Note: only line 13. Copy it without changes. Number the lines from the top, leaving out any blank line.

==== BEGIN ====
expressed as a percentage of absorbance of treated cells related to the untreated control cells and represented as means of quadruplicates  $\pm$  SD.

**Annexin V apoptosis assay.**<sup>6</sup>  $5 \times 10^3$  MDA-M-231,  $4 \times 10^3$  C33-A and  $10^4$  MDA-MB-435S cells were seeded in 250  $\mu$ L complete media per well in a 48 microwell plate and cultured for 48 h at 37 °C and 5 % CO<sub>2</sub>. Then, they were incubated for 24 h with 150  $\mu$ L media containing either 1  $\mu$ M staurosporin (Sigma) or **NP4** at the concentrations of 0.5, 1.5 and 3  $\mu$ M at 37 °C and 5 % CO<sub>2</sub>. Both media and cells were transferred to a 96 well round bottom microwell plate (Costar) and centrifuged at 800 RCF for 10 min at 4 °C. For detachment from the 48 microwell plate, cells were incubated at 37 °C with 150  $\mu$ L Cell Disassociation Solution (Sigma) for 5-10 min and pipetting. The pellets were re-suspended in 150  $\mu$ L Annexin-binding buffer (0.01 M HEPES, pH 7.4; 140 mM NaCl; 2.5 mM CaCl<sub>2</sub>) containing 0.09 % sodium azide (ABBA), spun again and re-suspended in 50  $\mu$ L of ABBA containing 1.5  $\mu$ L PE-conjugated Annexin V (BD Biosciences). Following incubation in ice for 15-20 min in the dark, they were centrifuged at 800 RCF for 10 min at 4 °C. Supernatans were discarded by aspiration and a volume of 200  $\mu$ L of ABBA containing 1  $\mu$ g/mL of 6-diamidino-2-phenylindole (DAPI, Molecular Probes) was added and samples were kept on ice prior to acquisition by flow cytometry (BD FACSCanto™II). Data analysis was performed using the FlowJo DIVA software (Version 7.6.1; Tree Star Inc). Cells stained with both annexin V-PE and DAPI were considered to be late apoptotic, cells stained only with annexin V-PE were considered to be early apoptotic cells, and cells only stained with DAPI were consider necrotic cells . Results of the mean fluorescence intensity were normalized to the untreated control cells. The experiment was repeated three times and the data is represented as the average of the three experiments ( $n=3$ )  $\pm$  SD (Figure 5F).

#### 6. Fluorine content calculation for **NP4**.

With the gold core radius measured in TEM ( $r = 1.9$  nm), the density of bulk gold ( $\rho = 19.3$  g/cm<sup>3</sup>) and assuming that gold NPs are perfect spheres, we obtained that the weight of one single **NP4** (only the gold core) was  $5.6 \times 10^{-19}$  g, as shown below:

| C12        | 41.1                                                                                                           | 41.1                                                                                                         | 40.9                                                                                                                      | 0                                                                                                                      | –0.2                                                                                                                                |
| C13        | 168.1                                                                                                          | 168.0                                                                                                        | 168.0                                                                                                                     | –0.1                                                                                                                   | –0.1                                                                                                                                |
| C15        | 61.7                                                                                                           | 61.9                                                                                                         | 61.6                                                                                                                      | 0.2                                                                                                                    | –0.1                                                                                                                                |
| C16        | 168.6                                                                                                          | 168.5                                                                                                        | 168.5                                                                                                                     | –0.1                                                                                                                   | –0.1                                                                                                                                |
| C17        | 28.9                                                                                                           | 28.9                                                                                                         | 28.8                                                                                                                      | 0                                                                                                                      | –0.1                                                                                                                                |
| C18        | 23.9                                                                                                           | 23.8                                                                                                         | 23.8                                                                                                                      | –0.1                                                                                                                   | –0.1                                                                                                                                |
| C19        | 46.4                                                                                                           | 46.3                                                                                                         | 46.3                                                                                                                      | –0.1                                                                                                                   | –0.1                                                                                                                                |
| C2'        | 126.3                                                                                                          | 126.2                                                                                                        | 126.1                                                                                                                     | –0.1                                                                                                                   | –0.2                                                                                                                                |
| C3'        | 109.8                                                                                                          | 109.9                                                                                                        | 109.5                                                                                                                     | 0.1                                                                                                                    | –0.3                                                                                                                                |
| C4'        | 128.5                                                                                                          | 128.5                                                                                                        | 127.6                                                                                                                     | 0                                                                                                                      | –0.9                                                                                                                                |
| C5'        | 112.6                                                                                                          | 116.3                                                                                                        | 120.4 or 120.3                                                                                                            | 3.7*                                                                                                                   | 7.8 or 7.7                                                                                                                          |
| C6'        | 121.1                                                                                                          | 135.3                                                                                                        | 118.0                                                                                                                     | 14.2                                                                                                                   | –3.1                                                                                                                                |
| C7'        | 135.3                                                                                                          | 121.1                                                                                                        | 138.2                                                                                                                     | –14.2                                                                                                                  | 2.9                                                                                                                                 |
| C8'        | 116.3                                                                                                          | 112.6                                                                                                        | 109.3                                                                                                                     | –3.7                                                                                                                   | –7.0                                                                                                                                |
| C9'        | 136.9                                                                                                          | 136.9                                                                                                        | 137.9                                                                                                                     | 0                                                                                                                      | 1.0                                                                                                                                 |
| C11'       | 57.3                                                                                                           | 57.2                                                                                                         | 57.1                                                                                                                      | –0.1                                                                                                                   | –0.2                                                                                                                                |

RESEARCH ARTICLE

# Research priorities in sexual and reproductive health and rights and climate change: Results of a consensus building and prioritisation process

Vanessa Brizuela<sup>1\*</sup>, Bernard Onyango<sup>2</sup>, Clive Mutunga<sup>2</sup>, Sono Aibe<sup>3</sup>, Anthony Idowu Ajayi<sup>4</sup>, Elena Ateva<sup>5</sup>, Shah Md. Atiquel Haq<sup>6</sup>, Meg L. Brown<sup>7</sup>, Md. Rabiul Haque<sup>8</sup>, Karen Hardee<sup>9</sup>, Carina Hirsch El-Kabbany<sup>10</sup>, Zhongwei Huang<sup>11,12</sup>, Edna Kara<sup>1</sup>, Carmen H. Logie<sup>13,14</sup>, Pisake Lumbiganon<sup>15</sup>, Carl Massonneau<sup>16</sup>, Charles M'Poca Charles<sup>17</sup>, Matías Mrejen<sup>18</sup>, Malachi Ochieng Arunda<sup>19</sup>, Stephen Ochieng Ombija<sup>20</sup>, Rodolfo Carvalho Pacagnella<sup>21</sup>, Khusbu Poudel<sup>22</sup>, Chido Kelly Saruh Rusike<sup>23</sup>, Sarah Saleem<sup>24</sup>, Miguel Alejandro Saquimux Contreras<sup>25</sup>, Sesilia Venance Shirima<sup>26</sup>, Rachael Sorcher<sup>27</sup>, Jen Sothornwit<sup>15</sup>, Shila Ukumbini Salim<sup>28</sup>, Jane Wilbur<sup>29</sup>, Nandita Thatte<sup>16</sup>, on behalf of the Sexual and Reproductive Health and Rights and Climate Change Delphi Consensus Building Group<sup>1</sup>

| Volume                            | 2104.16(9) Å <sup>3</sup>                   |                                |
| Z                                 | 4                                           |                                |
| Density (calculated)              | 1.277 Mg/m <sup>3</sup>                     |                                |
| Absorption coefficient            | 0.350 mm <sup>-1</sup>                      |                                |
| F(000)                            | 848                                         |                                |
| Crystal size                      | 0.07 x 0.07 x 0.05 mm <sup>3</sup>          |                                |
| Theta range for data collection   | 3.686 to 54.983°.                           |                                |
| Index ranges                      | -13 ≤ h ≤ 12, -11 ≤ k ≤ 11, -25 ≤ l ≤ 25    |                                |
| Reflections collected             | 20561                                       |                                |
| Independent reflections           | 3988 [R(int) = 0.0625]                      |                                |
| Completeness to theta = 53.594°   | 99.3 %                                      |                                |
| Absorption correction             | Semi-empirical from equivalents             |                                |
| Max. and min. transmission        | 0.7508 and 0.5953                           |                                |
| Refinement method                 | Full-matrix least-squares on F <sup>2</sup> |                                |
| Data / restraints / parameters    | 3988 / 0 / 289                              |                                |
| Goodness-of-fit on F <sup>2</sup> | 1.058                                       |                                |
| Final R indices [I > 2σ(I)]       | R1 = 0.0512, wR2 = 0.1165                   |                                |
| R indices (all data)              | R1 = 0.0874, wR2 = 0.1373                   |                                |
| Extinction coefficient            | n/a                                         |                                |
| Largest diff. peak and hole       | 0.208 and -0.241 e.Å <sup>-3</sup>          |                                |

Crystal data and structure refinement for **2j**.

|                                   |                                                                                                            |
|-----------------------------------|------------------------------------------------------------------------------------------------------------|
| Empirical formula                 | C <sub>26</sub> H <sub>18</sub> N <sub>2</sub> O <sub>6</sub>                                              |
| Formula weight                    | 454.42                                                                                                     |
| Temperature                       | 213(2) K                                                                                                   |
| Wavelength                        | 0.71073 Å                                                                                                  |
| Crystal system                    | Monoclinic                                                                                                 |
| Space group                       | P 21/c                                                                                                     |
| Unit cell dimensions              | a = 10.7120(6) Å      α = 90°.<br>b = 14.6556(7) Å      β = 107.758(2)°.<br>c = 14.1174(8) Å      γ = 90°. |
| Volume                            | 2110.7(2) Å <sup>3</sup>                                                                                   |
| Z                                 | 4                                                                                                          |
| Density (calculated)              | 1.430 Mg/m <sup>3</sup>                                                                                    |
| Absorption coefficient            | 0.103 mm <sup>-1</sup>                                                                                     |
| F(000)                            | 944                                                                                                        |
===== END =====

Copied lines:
| C3'        | 109.8                                                                                                          | 109.9                                                                                                        | 109.5                                                                                                                     | 0.1                                                                                                                    | –0.3                                                                                                                                |